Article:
An Introduction

I first became interested in 4AD, a UK independent record label founded in 1980, towards the end of the '80's. I was falling in love with the music of Dead Can Dance, Clan of Xymox, Pixies, Bauhaus and The Birthday Party and was surprised when the 4AD label sampler "Lonely Is An Eyesore" came out in 1987 that all these bands were from the same label.

After visiting a Pre-Raphaelite exhibition of some American's collection of art, I came to thinking of all this musical art that 4AD have released that may one day drift into obscurity unless someone shows it as art. So now I'm on a crusade, to collect the first ten years of 4AD's releases and exhibit the collection on 4AD's 50th anniversary in 2030. This is a big task which will have some interesting twists and turns along the way.

Wednesday, 19 September 2012

Dead Can Dance Resurrected

Well done to Slow Pulse Girl at  Nightmares On Wax  for winning the Clan of Xymox Blind Hearts 12" promo. Hopefully another competition will come up again soon, as collection duplication is a constant and ongoing issue.

The piece I did on the Bauhaus singles of Dark Entries was kind of the way I wanted to go with this blog. I wanted it to become a good source to find definitive listings of a release. Yet even at the stage I am at, I am struggling to complete a release with all of it's variations. I suppose it comes back to the question again, how far do you go? The Dark Entries collection of 7 versions that I listed does not include any test pressings, if any test pressings exist at all anymore.

I starting to think that maybe I should just bite the bullet and stick my neck out with a few releases and say "this is every version that exists". I'm just wary of making out I'm an arse that thinks he knows it all, when in fact we are all on a journey that constantly changes and cheats (sometimes).

Maybe I will start and add more now that the collection is starting to take a decent form. I'm currently at 596 items collected that doesn't include posters, postcards and oddities. I still have roughly 900 items left to collect that I know of (again not including non music formats). So I still have one hell of a way to go.

To add to this, I'm not exactly shutting myself off to other music in the process. Dead Can Dance have their new album out called Anastasis, which I just couldn't help but buy, and of course not just in one format either. The album came as:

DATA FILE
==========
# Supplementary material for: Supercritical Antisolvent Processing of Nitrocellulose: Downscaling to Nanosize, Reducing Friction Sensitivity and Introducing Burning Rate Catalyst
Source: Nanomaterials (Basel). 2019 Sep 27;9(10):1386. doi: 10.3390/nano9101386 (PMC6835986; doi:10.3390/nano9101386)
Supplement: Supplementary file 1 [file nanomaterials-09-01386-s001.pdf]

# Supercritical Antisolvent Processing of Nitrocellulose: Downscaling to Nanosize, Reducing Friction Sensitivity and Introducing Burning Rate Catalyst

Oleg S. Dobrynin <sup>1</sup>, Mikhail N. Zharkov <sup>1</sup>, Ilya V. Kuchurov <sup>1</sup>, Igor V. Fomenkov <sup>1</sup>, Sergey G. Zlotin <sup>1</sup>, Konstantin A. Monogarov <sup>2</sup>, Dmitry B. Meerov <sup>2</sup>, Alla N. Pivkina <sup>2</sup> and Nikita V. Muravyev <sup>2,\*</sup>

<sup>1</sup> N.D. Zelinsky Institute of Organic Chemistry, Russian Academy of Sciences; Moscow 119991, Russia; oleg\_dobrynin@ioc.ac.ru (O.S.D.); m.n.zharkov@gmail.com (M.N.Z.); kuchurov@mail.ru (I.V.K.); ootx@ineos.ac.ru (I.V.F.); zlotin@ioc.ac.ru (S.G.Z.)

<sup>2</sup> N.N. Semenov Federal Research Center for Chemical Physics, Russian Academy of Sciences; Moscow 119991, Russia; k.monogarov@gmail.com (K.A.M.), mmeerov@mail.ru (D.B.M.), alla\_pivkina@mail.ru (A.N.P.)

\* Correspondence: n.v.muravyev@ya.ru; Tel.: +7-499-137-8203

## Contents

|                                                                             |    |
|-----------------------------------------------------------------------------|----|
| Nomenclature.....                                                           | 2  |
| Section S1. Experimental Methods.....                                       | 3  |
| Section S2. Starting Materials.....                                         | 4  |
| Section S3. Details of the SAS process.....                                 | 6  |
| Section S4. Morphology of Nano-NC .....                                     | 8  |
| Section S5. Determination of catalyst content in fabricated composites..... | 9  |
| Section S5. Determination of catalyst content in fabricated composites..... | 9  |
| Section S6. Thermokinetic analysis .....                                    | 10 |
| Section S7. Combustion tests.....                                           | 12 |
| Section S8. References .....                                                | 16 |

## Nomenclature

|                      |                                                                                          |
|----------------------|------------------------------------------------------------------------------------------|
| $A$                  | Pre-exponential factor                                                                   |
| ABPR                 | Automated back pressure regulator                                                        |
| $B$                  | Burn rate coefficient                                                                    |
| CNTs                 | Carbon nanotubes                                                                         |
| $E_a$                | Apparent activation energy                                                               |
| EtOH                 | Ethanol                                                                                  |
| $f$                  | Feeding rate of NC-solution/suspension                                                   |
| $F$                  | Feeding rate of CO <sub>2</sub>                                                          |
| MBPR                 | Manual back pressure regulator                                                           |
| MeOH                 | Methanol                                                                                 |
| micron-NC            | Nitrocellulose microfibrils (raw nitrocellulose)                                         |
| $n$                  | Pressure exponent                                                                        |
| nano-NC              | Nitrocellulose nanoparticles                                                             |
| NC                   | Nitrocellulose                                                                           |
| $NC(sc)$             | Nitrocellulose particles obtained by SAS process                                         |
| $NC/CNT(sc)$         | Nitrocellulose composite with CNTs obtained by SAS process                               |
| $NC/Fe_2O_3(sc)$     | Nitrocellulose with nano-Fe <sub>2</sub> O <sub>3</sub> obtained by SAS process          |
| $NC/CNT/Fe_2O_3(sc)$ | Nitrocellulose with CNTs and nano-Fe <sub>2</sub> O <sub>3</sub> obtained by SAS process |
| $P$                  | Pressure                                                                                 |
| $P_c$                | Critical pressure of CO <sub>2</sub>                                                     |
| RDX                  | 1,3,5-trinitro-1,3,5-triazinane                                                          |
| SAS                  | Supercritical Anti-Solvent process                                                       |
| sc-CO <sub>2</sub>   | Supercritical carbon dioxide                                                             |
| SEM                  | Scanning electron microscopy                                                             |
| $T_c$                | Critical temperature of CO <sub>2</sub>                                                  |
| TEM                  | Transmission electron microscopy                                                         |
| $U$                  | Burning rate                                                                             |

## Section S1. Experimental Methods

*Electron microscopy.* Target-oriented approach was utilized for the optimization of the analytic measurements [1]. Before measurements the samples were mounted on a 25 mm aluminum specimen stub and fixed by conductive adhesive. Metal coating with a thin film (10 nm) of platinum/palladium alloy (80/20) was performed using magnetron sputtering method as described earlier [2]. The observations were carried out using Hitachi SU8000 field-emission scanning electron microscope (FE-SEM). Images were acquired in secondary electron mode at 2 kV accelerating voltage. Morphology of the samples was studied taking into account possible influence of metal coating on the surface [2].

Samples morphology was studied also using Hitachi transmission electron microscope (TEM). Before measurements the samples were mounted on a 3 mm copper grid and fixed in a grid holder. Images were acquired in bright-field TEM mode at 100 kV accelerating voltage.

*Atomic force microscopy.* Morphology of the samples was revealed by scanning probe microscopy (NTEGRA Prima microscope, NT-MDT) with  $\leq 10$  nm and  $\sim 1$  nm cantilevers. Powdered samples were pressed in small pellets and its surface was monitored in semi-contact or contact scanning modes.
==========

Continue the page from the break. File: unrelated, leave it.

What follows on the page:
"Exclusive Limited Edition Box Set (Edition of 2000); boxed in custom made deluxe hardbound book, embossed with band logo and album title, and featuring 8 specially designed pages of album art and lyric sheets. Autographed 6" x 8" lithograph artwork print; USB drive contains the full album in high fidelity 24bit digital audio and album artwork." 

I'm a sucker for it. I had to have it and, of course, I couldn't let the chance of having the double clear vinyl version pass me by either. So I spent £55 on both of them and then had to fork out over £18 extra to get them delivered. The price for a second hand copy of the limited edition CD has rocketed from its new price. This always happens generally when a limited stock runs out. Some of the stock gets bought by traders who bet on making a quick from the flurry of interest the new album has created. Demand is up but supply has dried out, perfect for a quick price hike. I suppose you can't blame a trader wanting to make a living and a trader's prices only reflect (mostly) the price the customer is prepared to pay. 

The Dead Can Dance Anastasis limited edition has already sold twice on discogs for over £130 and  there are 5 for sale at the moment for between £120 and £220. It's very likely that the price will fall as initial excitement wanes. 

The album itself is wonderful. It seems as though Brendan Perry and Lisa Gerrard are collaborating more as they did in the eighties. In later albums of Dead Can Dance the music was more separated by the two artists and less collaborated. But now they do seem to be working together more as the style of the album is of both artists. I also think that it is probably the most accessible of all the Dead Can Dance albums, an album that would be a good introduction to Dead Can Dance if you have never listened to them before.

It has whetted my appetite to see them live in October. The only issue I could have with this album is that the mastering seems rushed. I waited to give the album a listen until the vinyl was delivered. The sound quality of Vinyl far surpasses the sound quality of CD's or downloads, so I wanted to listen to it at its best. Unfortunately the sound was a little flat. At first I thought it was the vinyl mastering, as these days vinyl records are made from a digital recording, which is actually defeating the object of having it on vinyl. But the CD version is also a little flat, but perhaps not as obvious. It's such a pity as the music is just awesome. 

You never know, if the unmixed tracks have been kept a better mastering may be done in future. But don't let it put you off, to the average ear the mastering quality probably won't even be noticed. What's more important is that the music on Anastasis is incredible, give it a listen